Echo Foundation is well known now for its monumental efforts to help save Bonaire’s Yellow-Shouldered Amazon parrots, more commonly known locally as loras, as the species is vulnerable to poaching and habitat destruction. To assist the parrots, and also the prikichi, the Brown-Throated Parakeet found on Bonaire, Echo is doing its best to help reforest the naturally occurring Dry Forest Ecosystem on the island.
How to reforest the Dry Forest?
With a mandate, support, and funding from Bonaire’s island government, Echo has plans to accomplish this lofty goal by reforesting 20,000 trees in ten reforestation areas, from which all exotic herbivores (goats, donkeys and pigs) are excluded.
The young trees are ready to be planted.
Bonaire’s visitors can help with the reforestation efforts.
Now, with the rainy season upon us, Echo is actively planting the young trees it has been nurturing for some time. On Saturday, November 19, 2016, from 8:00 AM until 12:00 Noon, they will host a Tree Planting Day in Washington-Slagbaai National Park.
Join in Echo’s tree-planting day in Washington-Slagbaai National Park.
To join in and have some good, old-fashioned fun at the same time, meet at the entrance to Washington Park at 8:00 AM. Transportation will be provided from the entrance of the park to the work site, or just look for Echo’s vehicle. Refreshments and snacks will be provided to all planters, but those participating should wear closed-toe shoes and bring sun-screen, a water bottle, and gardening tools, if you have them.
Register your participation.
Please let Echo know you will be helping out. Simply telephone them at 785-4128 or email firstname.lastname@example.org.
“We live by our nature; let’s work together for the sustainable development of Bonaire.”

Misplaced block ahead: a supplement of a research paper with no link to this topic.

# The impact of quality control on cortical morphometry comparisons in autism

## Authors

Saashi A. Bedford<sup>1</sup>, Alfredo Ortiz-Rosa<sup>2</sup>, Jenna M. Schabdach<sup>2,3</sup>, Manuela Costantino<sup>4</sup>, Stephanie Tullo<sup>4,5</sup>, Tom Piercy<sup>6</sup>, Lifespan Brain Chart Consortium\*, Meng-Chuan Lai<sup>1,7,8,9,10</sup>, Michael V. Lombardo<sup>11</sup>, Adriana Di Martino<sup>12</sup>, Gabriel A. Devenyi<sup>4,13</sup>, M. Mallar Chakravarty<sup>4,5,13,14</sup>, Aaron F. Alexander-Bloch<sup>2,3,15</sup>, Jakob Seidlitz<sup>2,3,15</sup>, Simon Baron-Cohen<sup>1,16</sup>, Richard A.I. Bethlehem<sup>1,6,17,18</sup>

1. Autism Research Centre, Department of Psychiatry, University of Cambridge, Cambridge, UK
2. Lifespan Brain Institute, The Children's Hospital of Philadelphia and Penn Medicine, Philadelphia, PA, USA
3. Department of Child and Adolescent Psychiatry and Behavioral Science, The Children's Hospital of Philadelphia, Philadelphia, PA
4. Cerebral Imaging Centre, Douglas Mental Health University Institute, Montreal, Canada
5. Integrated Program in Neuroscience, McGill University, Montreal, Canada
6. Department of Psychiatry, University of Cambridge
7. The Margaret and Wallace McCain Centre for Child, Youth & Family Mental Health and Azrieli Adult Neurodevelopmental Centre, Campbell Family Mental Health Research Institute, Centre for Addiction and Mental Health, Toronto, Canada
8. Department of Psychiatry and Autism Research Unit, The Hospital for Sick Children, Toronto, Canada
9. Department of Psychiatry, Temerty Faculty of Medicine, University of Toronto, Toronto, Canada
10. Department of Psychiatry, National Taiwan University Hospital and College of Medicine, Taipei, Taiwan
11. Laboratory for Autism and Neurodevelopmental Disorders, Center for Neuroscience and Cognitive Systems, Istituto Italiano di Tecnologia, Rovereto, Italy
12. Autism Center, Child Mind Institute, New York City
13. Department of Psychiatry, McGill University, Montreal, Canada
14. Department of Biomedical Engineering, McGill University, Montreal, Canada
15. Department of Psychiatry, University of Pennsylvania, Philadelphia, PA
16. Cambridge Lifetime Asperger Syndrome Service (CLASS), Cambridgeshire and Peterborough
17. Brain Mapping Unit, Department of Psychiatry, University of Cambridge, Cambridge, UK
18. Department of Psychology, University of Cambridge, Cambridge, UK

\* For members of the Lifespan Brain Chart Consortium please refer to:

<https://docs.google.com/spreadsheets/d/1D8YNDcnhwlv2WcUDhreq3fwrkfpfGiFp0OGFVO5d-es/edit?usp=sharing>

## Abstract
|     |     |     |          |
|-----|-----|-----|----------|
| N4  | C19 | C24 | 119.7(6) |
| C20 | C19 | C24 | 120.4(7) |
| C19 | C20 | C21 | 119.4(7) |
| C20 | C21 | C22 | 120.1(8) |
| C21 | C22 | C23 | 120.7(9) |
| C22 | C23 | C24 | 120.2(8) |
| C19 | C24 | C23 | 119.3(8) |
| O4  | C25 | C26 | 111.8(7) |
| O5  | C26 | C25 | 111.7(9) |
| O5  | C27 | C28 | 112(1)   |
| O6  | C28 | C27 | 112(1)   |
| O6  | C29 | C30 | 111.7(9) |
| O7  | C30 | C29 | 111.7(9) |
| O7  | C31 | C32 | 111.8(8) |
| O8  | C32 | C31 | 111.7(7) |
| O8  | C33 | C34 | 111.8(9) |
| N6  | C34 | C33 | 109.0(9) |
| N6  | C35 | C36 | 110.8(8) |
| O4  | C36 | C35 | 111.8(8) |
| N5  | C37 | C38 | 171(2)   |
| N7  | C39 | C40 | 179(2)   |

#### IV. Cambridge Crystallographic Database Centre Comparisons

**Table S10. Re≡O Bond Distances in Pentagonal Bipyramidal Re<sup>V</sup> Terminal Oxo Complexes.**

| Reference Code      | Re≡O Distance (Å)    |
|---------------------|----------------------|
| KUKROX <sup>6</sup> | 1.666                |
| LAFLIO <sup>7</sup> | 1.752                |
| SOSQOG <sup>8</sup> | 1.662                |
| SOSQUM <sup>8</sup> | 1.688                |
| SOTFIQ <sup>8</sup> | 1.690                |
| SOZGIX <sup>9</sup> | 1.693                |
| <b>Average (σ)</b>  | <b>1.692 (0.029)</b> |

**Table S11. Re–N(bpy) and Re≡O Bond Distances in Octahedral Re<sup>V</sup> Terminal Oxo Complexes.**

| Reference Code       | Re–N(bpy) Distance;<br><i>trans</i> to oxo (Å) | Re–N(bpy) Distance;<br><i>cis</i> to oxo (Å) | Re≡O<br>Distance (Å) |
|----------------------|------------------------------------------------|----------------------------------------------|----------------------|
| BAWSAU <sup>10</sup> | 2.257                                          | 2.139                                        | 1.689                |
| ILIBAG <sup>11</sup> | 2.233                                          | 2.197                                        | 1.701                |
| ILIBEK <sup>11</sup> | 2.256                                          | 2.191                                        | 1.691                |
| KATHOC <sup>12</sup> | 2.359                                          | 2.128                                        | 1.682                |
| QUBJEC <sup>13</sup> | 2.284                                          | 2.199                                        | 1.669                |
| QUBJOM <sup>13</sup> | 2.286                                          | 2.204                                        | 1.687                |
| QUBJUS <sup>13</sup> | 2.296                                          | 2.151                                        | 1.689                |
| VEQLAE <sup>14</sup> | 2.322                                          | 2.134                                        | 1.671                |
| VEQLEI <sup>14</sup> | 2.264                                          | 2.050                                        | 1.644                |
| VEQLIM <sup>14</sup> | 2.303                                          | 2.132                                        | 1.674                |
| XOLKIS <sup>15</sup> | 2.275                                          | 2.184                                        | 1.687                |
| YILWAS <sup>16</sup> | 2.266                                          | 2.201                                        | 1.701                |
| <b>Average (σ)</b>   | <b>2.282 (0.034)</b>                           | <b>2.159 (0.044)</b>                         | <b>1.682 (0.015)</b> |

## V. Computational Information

Can’t plant, but want to know more?
For those who can’t join in the planting, but would like to know more about Bonaire’s reforestation efforts, everyone can join in a free, informative evening at CIEE on Wednesday, November 9th, 2016 at 7:00 PM. During this presentation, Quirijn Coolen (Reforestation Warden at Echo) and Johan van Blerk (Nursery Manager at Echo) will be explaining the foundation’s part in the reforestation project and provide additional information about the planning, management, and community involvement in this important project.
(Source: Echo Foundation, CIEE Bonaire via Bonaire Insider on InfoBonaire.com)
Marilyn is the winner in Carib Inn’s Yearly Photo Contest
Carib Inn is happy to announce that Marilyn Forshey Pollock has won the Yearly Photo Contest with her beautiful image of a seahorse. She has won two unlimited shore dive packages for her next visit to Bonaire.
Interesting facts about seahorses:
Why are they called seahorses?
Seahorse is the name given to 54 species of small marine fishes in the genus Hippocampus. “Hippocampus” comes from the Ancient Greek word hippos meaning “horse” and kampos meaning “sea monster”. The word “seahorse” can also be written as two separate words (sea horse), or hyphenated (sea-horse). Having a head and neck suggestive of a horse, seahorses also feature segmented bony armor, an upright posture and a curled prehensile tail.